Last Monday night I found myself standing in the dark, on a frozen beach wearing a padded onesie and a furry hat. This is not how I usually spend my Monday nights, to say the least. It was in fact a tremendous, moving experience.
I was in Arctic Norway, near the city of Tromsø, with some friends. We were hoping to see the Northern Lights. When I say the beach was frozen, this isn’t just a figure of speech, it was frozen, the upper part covered in snow, the lower a solid lump of ice. We were prepared for disappointment; the tour we’d booked on had found us a cloud-free patch of sky, but they couldn’t do anything about the space weather. Luckily we’d already had a fabulous day.
That morning we’d got onto a perfectly ordinary bus, travelling to a village and back. The bus was ordinary, the trip wasn’t. There was non-stop gorgeous scenery – very Scottish looking mountains with perfect glacial topography, all covered with snow.
At the village of Oldervik we had 15 cold minutes before the bus took us back. To remind us we weren’t really in Scotland there were drying fish heads and really big mountains – the Lyngen Alps.
Our evening trip out to the beach was splendid as well. The moon was half out, meaning we could see a fine array of stars, but also the snow-covered mountains.
When it first came, the aurora was subtle – a faint mist only. For most of the time we saw it, it wasn’t green. Or rather it was, but the light levels were so low that human eyesight shows only grey. The pictures you see are taken with cameras on long exposure times.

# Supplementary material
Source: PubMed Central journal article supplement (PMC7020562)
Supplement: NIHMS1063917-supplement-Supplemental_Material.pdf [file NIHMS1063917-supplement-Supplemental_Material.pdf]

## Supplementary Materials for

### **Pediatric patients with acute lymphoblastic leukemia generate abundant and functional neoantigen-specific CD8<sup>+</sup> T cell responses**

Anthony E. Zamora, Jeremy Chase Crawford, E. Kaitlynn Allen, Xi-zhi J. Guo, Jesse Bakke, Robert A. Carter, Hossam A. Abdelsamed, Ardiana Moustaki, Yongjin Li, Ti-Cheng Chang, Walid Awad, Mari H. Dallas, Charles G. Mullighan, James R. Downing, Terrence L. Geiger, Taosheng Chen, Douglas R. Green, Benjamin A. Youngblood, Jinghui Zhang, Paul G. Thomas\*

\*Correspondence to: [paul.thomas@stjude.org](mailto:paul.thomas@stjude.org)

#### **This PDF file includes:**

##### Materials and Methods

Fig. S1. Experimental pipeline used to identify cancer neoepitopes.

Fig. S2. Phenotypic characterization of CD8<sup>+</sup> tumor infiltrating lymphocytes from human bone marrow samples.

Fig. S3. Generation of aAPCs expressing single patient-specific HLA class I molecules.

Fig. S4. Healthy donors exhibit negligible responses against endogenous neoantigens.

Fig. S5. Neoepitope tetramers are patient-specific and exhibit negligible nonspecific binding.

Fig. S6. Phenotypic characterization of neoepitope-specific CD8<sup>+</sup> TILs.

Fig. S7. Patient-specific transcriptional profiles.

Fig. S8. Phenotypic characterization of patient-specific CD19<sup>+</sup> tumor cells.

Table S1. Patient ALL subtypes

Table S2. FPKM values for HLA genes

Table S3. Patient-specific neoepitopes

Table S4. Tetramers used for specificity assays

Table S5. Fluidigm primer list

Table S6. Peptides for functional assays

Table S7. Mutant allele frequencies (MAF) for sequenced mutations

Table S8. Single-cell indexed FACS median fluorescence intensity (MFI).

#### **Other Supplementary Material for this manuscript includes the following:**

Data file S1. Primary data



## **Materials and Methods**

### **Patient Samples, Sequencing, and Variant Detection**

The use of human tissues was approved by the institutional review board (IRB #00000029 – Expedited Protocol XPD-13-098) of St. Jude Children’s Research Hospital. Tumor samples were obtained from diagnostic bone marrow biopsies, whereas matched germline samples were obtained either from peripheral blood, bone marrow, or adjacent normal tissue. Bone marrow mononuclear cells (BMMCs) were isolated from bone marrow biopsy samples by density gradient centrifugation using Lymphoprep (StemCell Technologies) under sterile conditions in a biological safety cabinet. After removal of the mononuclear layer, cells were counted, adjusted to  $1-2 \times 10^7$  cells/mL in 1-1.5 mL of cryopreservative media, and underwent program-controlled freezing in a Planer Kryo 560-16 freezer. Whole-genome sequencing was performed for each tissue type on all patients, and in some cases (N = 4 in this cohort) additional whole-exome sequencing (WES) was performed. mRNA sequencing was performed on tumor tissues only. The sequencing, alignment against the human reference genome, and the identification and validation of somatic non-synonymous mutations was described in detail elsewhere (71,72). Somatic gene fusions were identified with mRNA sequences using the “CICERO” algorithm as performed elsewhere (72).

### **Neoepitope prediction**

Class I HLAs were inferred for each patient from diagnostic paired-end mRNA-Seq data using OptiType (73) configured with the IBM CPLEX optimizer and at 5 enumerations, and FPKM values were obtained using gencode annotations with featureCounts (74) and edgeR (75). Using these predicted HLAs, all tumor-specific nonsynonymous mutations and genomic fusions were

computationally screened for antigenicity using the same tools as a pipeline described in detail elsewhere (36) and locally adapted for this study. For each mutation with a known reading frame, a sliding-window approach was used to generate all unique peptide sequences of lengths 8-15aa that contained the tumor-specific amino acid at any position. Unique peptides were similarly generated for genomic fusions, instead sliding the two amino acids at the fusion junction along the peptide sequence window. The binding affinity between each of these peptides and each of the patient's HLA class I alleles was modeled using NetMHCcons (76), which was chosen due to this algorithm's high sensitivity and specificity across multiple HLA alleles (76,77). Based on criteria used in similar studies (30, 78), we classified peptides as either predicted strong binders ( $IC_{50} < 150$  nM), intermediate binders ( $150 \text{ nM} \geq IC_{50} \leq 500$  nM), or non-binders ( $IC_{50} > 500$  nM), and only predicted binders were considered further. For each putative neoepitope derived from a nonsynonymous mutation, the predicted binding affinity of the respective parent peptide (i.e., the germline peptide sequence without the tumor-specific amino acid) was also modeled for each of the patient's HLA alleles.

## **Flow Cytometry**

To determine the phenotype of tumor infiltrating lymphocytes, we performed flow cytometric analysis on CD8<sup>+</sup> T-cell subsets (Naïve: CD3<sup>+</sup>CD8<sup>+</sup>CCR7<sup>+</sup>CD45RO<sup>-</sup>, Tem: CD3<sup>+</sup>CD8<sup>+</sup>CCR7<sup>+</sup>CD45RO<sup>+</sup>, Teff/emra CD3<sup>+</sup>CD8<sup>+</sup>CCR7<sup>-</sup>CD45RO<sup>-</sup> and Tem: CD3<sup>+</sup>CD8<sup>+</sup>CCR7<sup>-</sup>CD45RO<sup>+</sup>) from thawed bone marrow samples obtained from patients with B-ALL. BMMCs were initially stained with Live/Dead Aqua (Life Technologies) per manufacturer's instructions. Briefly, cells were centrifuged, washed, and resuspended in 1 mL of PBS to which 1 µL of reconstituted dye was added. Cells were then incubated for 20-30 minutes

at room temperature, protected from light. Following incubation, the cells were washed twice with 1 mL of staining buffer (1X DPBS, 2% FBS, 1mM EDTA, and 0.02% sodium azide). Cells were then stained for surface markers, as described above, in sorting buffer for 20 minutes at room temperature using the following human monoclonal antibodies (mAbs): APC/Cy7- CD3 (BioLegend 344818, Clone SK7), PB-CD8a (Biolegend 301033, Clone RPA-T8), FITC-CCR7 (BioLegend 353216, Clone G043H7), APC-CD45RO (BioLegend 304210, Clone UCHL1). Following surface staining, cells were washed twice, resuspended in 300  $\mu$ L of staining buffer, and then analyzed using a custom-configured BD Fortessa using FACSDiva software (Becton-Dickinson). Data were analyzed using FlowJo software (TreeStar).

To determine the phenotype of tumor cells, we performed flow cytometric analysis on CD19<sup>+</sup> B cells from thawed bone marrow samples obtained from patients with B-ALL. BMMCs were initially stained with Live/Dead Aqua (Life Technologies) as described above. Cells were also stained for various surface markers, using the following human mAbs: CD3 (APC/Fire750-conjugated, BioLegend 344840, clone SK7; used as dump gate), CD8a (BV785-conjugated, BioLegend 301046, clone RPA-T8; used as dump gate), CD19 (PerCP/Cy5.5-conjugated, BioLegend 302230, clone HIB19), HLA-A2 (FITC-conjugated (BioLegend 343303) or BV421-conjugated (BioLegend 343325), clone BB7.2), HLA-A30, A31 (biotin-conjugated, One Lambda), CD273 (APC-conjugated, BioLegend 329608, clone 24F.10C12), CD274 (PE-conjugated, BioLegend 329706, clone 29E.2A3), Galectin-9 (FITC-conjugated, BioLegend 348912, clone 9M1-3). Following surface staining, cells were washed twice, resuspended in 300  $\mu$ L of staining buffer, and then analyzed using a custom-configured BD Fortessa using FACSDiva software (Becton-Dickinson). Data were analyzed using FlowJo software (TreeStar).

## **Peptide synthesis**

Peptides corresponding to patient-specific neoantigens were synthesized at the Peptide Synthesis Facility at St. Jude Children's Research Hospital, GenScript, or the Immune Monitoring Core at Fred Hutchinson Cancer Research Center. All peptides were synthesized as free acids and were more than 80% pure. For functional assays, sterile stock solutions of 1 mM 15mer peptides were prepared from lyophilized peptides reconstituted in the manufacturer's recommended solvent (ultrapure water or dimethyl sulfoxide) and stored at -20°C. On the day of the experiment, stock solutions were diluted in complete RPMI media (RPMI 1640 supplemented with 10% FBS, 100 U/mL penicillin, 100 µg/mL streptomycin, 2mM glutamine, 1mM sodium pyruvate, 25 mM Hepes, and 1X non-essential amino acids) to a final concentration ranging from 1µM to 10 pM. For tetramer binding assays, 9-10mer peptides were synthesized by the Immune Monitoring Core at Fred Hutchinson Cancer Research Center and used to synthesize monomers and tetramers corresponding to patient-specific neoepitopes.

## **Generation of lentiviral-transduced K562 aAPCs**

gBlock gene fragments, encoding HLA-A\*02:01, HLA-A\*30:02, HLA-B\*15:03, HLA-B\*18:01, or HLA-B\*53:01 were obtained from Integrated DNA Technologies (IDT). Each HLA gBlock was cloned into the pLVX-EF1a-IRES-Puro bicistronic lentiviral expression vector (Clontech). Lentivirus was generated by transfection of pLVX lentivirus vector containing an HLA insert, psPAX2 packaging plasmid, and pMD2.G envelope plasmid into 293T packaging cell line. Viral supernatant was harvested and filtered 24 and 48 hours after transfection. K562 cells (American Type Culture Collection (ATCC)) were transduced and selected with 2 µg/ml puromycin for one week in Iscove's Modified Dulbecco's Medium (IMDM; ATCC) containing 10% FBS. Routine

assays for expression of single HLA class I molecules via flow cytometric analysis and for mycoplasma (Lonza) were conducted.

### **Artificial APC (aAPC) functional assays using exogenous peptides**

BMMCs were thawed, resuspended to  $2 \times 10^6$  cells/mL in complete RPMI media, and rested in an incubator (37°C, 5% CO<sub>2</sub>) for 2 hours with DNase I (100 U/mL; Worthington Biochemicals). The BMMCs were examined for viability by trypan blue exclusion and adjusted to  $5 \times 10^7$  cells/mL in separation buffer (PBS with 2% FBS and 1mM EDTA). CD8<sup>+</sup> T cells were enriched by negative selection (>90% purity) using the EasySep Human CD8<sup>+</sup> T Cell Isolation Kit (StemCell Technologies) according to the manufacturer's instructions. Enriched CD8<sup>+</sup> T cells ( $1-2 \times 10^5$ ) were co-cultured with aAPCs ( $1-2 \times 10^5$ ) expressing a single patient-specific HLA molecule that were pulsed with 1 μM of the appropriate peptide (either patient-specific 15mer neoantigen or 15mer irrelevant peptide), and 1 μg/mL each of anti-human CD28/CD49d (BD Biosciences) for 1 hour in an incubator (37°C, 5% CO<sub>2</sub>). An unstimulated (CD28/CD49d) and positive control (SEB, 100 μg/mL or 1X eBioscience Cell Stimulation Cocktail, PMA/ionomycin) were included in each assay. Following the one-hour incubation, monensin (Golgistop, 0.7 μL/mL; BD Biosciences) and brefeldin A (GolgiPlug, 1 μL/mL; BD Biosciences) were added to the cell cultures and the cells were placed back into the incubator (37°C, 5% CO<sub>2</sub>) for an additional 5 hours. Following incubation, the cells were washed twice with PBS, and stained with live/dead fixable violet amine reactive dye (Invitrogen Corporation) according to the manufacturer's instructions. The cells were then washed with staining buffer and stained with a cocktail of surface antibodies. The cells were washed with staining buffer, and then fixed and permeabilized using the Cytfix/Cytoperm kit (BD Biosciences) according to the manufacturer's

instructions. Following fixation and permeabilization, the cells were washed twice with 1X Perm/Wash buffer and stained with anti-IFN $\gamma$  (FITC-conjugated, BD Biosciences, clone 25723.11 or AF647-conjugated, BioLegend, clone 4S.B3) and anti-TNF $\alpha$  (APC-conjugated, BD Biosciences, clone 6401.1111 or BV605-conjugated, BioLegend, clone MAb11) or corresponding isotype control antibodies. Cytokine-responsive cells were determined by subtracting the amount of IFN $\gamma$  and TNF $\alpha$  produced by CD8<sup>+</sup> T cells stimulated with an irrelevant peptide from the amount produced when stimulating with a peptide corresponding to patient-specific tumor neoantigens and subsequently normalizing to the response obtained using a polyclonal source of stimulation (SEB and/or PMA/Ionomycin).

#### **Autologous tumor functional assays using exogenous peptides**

Gradually the ‘mist’ became an arc across the sky directly above us. As our guide told us about 15 times, Tromsø is the perfect place to view the lights as they form directly overhead. The lights are formed by the interaction between the earth’s magnetic field, the solar wind and the atmosphere. Electrons and ions are thrown out by the sun and whizz towards the earth. They are then guided along magnetic field lines down into the earth’s atmosphere. Here they bump into gas atoms (Oxygen or Nitrogen) causing them to emit photons – some of which in turn pass into my goggling eyes.
The aurora showed fine dramatic timing that night. We had had a nice display, but with little movement, when it started to fade away. Just as we were telling ourselves we’d had the best of it, it came back with a vengeance. First vertical lines appeared and then it started to ‘dance’. At its most intense we saw green sheets drift and move like mist in a breeze. This was taking place all around us, above, behind, so that viewing it was a physical thing – it wasn’t over there, it was here.
We all had a rather strange expression on our faces while this was going on – a sort of a grin with an open mouth. We were happy and smiling, but our jaws just kept on dropping. It was literally awesome.
We all need a bit of awe in our lives now and then, a little brush with the wider universe – I feel refreshed for my little dose. What I found most interesting was the way that my awe was enhanced by my understanding of the underlying science. Knowing that the lights were caused by processes that started in places we’ll never reach – the sun and the core of the earth – simply added to my enjoyment.